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The Challenges of Being in Our Thirties

I am one of many people who started learning RC as young persons and are now in our thirties. We stuck together through pioneering the RC young people's liberation movement and developing the young adult liberation movement. Now that we are in our thirties, we're trying to figure out what it means to be this age.

I started learning Co-Counseling when I was fourteen. I am now thirty-seven. When I was twenty-nine, I got scared about turning thirty and started leading workshops for people in their thirties. Here are some of my thoughts about people in their thirties in the United States and why we may want to get together to discharge about our age.


When we were younger, many things united us. Experiencing and fighting the systematic mistreatment of young people kept us together. Most of us did not move to different places; we stayed physically close enough to remain connected without a lot of travel. In spite of the oppressions dividing us, and the heaviness of our distresses, a lot of us were still spunky, playful, and willing to trust other people. Through Re-evaluation Counseling workshops we found a way to stay close and keep ourselves open to each other. Now that we are adults, we have a harder time staying close. Oppressions such as racism, classism, and sexism divide us more sharply than before. It's harder to trust other people. We are also busy, busy, busy. We have families and jobs and are struggling to stay human in an irrational society. It's hard for adults to stay connected, but underneath our mistrust and busyness we yearn to be close.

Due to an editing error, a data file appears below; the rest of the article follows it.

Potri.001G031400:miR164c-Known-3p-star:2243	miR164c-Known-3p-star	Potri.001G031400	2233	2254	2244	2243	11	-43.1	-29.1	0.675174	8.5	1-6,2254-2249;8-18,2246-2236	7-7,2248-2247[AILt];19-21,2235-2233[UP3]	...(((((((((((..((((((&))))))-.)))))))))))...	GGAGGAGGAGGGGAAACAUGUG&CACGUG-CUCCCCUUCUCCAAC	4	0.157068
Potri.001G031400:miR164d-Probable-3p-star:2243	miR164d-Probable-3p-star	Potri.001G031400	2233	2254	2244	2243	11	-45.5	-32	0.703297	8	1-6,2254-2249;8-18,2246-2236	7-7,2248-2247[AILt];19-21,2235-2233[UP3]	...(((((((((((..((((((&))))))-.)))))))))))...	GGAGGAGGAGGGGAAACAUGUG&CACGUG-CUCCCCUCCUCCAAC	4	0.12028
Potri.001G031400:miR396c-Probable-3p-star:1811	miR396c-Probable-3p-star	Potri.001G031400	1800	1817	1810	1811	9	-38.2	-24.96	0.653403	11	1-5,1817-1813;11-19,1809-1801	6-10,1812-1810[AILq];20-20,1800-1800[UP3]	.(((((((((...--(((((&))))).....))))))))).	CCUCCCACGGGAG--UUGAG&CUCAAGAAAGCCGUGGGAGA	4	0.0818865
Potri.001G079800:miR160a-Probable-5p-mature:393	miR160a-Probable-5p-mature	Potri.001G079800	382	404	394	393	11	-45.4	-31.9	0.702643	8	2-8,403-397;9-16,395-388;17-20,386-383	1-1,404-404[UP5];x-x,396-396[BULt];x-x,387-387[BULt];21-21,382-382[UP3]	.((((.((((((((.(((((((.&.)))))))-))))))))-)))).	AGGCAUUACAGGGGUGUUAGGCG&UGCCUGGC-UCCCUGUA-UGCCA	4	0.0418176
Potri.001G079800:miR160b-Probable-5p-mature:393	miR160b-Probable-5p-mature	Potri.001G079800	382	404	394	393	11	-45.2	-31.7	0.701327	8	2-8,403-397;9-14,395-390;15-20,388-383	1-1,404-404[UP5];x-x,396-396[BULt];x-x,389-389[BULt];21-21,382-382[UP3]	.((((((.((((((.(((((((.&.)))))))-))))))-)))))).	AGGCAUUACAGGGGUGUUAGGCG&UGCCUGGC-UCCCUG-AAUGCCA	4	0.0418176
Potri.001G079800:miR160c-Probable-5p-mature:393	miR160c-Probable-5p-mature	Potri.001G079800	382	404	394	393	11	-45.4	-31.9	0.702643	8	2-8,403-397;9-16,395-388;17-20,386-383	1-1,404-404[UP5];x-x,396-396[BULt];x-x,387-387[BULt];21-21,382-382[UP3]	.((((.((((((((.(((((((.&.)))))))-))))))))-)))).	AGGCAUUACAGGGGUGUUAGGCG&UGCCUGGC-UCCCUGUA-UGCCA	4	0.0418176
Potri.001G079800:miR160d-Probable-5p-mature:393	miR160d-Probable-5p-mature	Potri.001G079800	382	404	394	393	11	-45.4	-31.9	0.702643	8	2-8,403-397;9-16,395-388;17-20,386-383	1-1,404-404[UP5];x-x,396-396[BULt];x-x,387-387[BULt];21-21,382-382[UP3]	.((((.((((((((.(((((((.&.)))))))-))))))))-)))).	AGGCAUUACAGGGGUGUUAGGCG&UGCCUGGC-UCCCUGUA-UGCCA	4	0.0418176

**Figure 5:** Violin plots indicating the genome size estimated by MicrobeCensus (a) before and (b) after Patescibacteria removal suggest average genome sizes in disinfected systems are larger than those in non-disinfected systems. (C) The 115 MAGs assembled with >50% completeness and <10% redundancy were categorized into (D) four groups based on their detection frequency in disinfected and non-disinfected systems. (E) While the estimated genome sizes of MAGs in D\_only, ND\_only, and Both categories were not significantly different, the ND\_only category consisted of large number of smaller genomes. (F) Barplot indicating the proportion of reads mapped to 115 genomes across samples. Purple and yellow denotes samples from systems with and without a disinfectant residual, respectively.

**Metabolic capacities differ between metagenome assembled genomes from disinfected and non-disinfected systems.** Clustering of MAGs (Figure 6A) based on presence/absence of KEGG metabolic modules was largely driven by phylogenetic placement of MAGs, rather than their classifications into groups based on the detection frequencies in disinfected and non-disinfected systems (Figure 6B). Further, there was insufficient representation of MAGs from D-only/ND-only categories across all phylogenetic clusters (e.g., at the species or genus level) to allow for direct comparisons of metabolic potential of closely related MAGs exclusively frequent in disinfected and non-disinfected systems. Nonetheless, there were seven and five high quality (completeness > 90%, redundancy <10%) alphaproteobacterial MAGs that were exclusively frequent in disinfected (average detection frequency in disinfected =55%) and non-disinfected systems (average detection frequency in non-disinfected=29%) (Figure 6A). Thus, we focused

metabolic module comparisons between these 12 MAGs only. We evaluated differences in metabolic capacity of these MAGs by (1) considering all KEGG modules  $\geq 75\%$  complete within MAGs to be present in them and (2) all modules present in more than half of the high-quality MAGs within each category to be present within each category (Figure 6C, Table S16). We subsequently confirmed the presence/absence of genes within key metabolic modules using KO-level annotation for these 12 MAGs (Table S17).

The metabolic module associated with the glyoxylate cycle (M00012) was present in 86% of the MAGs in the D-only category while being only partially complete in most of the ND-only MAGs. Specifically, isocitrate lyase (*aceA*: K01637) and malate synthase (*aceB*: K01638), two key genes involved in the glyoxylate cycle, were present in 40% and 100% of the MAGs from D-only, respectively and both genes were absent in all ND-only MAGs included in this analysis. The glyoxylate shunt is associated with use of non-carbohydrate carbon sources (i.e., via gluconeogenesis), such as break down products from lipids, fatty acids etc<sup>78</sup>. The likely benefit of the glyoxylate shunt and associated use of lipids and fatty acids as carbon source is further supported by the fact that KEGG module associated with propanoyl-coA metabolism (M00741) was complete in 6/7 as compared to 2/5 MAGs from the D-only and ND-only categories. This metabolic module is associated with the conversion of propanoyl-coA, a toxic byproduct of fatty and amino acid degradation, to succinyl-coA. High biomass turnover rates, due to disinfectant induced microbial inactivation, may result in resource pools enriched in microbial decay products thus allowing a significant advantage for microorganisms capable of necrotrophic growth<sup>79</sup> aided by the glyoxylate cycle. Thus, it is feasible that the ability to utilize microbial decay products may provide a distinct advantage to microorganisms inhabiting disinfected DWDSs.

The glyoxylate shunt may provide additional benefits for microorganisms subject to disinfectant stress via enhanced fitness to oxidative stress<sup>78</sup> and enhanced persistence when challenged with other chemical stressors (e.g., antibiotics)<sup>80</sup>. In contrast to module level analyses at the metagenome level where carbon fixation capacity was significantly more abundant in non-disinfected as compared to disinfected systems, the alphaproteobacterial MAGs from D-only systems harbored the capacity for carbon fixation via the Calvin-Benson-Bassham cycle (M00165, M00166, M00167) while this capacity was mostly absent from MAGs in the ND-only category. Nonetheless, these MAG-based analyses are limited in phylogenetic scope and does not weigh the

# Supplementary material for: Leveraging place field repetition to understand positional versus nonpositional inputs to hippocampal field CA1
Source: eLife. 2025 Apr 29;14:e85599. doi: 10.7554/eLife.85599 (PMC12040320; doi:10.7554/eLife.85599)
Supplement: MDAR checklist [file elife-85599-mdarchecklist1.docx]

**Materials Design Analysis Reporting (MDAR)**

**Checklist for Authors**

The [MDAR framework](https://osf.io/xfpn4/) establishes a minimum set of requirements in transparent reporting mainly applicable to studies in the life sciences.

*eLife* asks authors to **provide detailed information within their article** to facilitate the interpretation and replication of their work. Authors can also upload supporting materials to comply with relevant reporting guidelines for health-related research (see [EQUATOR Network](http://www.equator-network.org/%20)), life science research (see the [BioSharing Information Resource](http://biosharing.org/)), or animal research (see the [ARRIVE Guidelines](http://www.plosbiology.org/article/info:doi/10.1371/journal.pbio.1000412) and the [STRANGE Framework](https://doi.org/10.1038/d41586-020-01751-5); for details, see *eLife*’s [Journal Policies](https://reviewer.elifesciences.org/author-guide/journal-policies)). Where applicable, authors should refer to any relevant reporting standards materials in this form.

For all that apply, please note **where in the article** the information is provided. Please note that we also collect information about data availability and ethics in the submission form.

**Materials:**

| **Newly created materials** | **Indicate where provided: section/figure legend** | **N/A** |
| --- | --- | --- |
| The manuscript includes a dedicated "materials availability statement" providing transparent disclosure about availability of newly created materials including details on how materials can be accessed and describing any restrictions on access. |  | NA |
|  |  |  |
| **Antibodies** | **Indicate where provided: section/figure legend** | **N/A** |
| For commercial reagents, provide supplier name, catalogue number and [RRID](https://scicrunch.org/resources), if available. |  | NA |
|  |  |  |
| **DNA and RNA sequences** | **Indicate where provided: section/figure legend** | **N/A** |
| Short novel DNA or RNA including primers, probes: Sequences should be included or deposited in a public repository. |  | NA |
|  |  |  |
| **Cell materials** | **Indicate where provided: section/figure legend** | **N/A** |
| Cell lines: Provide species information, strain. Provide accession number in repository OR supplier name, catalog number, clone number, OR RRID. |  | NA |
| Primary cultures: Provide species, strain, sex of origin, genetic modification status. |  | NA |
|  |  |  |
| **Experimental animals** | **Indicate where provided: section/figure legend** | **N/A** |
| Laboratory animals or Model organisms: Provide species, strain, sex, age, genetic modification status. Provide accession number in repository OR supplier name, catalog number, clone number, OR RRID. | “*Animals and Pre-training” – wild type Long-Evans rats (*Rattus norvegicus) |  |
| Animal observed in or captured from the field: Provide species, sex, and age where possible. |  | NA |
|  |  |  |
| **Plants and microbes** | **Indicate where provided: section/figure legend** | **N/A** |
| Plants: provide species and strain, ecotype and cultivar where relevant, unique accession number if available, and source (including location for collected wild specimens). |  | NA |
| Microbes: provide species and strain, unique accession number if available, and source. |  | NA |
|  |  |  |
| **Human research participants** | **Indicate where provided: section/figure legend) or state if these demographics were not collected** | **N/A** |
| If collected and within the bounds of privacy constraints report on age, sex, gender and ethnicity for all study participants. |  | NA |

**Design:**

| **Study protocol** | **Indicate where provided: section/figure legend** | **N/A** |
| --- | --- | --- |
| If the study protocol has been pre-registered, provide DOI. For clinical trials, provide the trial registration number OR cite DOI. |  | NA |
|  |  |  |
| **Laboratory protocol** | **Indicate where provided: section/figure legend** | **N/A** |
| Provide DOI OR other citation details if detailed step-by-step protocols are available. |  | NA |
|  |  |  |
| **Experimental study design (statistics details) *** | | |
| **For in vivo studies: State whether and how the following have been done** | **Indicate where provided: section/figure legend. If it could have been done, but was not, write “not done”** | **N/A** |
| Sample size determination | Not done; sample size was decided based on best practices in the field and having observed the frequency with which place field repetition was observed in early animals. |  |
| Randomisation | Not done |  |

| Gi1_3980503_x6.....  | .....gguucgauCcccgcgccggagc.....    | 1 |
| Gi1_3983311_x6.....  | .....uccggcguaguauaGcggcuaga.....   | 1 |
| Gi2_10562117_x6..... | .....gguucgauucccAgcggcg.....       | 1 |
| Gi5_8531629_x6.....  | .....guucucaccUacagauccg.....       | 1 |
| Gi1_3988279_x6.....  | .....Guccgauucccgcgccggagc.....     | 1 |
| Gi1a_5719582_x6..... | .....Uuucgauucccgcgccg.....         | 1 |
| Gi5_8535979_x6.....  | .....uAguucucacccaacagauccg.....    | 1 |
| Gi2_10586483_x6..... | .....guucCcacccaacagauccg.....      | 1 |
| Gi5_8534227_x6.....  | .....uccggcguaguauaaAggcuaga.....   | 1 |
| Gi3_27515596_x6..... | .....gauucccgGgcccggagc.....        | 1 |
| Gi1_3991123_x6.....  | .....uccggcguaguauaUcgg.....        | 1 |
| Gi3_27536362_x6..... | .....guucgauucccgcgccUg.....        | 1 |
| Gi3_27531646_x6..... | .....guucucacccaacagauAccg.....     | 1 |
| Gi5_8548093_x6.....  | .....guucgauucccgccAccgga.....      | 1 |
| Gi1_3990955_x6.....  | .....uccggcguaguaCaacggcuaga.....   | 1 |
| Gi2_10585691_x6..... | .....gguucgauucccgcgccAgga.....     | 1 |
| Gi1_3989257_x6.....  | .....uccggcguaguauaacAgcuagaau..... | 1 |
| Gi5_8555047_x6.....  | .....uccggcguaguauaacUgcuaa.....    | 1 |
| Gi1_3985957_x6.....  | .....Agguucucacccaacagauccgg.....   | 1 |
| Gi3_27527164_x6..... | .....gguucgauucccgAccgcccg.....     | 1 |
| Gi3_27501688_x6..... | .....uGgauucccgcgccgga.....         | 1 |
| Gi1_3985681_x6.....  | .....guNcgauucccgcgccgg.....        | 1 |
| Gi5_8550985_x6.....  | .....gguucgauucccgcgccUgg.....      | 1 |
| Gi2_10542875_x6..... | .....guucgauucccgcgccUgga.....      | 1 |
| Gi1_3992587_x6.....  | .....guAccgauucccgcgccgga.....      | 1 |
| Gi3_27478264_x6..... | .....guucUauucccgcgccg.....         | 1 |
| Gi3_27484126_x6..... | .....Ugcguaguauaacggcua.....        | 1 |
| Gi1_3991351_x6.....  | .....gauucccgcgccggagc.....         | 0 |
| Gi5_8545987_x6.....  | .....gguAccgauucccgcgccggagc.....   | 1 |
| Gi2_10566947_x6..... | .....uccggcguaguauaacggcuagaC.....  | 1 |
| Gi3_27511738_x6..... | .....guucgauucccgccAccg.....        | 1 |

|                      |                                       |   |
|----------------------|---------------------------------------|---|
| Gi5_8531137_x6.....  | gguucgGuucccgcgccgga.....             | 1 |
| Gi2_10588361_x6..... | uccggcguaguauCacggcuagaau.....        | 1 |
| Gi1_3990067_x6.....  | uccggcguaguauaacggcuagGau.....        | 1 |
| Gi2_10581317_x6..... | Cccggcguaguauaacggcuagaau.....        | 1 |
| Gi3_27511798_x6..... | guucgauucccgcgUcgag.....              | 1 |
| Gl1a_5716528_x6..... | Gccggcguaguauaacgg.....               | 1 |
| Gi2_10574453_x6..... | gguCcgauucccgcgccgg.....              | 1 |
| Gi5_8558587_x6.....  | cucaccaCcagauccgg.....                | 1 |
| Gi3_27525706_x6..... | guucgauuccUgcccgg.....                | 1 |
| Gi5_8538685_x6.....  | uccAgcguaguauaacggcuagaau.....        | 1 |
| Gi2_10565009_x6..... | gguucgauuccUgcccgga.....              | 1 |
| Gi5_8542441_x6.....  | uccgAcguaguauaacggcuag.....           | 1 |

As people in our thirties we share specific struggles. We are trying to figure out how to have good relationships. Many of us are parents and want to do a good job with our children. Our own parents are aging, and we have to deal with their oppression as older people. We are aging -- check out those lovely wrinkles when we smile. Those of us who have some money are learning about owning property and other material concerns. No matter what our class is, we are fighting every day with a class system that forces us to put work before our human relationships.

Many of us feel like our struggles, for example, with family, work, closeness, and health, are our individual problems. It breaks our isolation to get together with peers to counsel and discharge about them.


Those of us in our thirties in the United States have a unique common experience: we were born in the industrial age and came into adulthood in the computer age. This distinguishes us from people only ten years younger.


All adults need to face the fact that we are adults. As young adults, we could somtimes avoid this by focusing only on the "young" part of that identity. Once in our thirties we can no longer avoid facing it. Even if we feel young, we are no longer in the same category as young people. In fact, we are in oppressor roles with regard to young people. The sooner we discharge on being adults, the sooner we will be good allies in the fight to end young people's oppression.

We also have to face that we are fully integrated into the class system. When we were younger, we could talk about "the system" and the people who ran it and not feel we were responsible for keeping that system going. As adults we are the ones running the system, and we take the full brunt of it as adult workers.


Those of us involved in the RC young adults' movement in our twenties need an organized group to go to when we turn thirty. We built a base with our young adult peers, then abruptly it was gone. We need to make sure we discharge as fully as possible about turning thirty. This seems to be an age, especially in mainstream United States culture, when a load of feelings come up and are ripe for discharge. We need good counseling available when these feelings come up and peers with whom to discharge.

Jevera Temsky
Washington, D.C., USA


Last modified: 2020-07-02 14:27:35+00